“Subject to such criteria and other requirements as may be prescribed by law, the [State Corporation] Commission shall have the power and be charged with the duty of regulating the rates, charges, and services and, except as may be otherwise authorized by the Constitution or by general law, the facilities of railroad, telephone, gas, and electric companies.” Va. Const. art. IX, § 2.
Justice Mims, in a powerful dissent, summed up the issue properly: “This case boils down to a simple question: what does that sentence mean?”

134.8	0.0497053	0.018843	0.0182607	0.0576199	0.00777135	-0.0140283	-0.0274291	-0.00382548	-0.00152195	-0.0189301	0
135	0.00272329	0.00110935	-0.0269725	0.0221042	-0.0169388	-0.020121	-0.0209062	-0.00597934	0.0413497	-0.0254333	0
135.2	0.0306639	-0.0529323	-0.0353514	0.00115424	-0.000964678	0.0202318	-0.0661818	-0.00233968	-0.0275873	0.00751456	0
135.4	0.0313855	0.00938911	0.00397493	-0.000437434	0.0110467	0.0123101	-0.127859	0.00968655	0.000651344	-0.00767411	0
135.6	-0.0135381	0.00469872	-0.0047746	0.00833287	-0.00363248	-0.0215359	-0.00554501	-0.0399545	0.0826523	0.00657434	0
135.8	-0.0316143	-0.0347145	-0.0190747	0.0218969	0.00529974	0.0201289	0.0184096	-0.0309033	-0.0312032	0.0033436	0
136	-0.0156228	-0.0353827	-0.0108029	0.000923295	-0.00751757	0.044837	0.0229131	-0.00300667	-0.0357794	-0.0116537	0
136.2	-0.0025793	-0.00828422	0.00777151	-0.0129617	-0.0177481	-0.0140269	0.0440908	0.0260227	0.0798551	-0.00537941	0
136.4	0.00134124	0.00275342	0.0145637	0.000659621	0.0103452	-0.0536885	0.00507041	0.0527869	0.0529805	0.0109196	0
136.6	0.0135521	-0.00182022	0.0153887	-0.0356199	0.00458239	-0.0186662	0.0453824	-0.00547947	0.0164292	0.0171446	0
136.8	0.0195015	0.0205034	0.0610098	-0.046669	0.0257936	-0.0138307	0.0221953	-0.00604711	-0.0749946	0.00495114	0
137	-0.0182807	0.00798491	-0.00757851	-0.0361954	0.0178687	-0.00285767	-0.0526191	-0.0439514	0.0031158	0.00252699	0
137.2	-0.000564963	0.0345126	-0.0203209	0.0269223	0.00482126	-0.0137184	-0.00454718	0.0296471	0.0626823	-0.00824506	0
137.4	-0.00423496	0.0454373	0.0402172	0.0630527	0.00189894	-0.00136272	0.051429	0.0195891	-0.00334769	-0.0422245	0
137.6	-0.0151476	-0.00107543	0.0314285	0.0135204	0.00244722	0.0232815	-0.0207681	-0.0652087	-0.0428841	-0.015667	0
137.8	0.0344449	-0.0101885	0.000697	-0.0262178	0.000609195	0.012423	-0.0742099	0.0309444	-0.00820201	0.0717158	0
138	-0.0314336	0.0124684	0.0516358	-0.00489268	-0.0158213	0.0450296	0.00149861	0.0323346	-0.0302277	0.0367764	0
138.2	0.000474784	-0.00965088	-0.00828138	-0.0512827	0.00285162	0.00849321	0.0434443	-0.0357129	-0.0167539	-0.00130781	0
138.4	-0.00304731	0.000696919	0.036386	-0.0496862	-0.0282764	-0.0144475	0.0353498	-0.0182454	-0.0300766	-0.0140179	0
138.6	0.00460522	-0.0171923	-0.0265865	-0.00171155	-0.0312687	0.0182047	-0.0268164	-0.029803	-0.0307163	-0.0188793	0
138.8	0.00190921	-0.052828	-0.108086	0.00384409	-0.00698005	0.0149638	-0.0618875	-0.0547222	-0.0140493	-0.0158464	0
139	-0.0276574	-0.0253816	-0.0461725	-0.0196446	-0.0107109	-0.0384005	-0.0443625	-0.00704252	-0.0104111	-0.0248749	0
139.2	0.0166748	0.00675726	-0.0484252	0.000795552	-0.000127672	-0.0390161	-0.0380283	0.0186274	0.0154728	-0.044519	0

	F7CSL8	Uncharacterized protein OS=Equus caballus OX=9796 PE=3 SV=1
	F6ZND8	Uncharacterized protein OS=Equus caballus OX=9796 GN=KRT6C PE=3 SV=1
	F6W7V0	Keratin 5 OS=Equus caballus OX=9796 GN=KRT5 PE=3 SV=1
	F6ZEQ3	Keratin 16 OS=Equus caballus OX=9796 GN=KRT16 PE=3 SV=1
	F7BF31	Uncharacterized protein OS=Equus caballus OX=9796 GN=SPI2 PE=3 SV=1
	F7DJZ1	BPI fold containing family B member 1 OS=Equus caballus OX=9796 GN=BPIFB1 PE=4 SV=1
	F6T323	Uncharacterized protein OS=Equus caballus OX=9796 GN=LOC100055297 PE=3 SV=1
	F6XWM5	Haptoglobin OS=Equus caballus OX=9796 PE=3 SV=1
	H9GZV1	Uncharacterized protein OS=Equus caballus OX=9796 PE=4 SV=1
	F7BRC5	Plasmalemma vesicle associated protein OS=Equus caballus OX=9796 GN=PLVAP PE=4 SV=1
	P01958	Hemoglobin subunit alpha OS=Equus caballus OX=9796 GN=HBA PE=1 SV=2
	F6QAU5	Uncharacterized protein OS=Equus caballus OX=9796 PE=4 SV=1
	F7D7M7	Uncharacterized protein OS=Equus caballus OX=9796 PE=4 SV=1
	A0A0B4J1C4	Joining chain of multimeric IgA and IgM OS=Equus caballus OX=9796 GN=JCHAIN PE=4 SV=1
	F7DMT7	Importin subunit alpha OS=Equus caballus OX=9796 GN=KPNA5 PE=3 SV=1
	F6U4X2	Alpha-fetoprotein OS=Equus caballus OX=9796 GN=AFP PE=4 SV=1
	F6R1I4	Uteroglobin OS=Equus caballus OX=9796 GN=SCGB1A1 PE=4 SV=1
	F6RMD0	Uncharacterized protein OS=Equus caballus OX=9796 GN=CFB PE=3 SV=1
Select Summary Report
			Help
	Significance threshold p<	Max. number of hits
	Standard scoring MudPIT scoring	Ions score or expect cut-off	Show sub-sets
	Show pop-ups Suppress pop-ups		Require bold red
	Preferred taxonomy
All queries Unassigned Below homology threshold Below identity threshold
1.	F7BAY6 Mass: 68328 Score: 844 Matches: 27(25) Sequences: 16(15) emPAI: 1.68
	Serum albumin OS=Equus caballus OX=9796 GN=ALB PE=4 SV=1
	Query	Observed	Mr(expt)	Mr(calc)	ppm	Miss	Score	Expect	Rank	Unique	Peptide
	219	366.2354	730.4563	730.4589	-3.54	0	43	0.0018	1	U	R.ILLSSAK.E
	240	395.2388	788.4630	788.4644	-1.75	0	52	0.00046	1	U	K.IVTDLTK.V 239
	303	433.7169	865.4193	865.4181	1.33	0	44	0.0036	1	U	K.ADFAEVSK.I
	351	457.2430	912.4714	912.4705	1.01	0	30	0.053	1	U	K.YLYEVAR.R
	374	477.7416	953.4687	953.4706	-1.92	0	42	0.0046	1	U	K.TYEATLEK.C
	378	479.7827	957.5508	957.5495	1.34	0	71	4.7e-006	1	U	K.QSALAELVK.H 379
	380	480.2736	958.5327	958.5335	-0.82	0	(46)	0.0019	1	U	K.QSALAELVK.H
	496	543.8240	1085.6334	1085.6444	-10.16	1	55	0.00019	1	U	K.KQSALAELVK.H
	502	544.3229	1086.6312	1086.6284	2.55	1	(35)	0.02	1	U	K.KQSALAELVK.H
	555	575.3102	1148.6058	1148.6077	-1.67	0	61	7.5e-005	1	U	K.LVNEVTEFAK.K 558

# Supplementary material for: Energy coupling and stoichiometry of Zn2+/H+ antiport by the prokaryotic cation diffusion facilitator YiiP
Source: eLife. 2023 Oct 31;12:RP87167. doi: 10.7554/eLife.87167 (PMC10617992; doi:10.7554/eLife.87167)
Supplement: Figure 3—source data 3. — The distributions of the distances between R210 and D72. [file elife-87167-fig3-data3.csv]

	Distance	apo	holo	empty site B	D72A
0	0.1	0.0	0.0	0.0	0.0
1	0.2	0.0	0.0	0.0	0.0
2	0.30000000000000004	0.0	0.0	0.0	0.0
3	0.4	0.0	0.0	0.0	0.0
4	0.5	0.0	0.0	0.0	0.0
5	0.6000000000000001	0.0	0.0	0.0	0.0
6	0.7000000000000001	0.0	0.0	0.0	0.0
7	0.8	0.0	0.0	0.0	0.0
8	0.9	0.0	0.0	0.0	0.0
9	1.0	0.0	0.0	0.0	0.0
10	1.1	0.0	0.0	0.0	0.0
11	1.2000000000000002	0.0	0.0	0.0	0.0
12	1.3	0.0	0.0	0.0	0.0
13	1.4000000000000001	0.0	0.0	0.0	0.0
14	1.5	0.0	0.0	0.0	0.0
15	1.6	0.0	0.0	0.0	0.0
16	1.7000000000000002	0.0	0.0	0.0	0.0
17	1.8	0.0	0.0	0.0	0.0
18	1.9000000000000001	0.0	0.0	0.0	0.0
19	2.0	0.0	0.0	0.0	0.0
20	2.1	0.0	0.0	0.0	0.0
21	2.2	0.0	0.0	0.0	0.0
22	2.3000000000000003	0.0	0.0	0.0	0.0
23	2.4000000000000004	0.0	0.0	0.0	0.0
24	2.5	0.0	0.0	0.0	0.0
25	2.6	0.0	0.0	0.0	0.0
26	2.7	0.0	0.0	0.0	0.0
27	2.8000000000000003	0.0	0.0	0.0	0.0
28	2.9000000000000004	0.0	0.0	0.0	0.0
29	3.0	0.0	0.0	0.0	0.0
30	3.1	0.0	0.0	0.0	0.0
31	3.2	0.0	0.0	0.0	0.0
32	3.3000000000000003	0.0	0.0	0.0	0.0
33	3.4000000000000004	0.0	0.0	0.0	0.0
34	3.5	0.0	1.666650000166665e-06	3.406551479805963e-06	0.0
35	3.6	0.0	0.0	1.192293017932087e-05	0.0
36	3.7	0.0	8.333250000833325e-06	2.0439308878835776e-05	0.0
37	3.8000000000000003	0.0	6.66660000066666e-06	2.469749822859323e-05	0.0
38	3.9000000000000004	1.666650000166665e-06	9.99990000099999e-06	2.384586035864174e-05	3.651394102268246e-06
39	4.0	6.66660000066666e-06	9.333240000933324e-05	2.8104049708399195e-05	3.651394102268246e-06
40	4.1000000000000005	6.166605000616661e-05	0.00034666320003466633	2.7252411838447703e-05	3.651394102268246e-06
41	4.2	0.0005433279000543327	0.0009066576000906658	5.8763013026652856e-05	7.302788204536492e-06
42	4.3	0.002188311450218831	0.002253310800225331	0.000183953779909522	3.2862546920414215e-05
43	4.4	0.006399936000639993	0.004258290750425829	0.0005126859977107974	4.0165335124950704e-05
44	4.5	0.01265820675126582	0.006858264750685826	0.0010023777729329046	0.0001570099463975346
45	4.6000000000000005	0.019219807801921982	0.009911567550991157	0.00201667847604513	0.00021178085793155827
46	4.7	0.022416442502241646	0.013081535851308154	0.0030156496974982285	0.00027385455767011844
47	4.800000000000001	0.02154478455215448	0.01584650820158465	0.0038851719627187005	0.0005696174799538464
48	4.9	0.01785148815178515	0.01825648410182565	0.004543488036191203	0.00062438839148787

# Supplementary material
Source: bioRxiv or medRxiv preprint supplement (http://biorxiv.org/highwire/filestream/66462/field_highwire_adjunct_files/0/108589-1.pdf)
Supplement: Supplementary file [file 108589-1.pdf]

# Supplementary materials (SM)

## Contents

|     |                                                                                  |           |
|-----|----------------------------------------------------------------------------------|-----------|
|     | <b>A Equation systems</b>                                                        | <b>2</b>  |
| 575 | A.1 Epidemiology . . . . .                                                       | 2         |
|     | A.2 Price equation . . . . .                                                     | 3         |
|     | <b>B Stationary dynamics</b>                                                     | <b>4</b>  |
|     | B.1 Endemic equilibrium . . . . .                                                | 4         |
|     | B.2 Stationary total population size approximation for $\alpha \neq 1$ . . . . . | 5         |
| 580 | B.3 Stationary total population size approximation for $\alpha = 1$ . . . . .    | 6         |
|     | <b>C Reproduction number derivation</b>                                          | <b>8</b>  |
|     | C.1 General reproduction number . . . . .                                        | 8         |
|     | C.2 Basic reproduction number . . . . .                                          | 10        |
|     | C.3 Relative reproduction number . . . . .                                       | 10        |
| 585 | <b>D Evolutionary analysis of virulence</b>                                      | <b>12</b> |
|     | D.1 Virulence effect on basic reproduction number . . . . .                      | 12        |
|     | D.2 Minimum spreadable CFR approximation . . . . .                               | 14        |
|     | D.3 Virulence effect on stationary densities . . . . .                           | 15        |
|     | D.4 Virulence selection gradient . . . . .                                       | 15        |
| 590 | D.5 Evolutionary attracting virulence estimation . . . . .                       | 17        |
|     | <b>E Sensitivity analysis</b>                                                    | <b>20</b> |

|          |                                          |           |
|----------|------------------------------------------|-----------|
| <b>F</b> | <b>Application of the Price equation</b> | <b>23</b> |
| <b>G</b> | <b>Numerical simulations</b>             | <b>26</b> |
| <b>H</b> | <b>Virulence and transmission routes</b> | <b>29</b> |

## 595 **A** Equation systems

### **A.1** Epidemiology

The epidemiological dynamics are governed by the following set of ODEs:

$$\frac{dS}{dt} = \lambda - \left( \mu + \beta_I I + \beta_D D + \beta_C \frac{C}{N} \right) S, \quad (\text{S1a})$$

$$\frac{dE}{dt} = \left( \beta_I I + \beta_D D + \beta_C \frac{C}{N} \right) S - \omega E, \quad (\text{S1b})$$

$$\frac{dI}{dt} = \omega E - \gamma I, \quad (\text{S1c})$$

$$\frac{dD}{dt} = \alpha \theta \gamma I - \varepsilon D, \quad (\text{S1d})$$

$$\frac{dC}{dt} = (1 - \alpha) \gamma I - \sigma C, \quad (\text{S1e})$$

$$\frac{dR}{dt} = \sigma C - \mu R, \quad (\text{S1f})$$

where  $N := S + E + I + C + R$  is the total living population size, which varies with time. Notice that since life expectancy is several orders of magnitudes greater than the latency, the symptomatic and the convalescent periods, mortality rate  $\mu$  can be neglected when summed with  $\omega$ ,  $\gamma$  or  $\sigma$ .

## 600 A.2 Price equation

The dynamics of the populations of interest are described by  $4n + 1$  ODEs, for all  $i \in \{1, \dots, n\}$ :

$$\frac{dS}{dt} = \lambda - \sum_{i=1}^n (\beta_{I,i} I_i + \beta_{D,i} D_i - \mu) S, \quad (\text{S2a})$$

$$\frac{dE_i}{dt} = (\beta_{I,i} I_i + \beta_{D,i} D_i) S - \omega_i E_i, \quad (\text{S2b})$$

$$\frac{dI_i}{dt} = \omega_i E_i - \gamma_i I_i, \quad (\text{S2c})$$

In an opinion written by Justice Elizabeth A. McClanahan, the Supreme Court of Virginia rejected the Committee’s argument that the rate freeze law violates Article IX, § 2 of the Constitution of Virginia. The Court explains that “[t]here is nothing in Article IX, § 2 that clearly indicates that the Commission’s authority to set rates displaces or is exclusive of the General Assembly’s authority.” The Court further states that the Commission correctly decided that the rate freeze law “is constitutional because it is not plainly repugnant to Article IX, § 2 of the Virginia.” In her opinion for the Court, Justice McClanahan also noted that the Court has “no constitutional authority to judge whether a statute is unwise, improper, or inequitable because the legislature, not the judiciary, is the sole author of public policy.”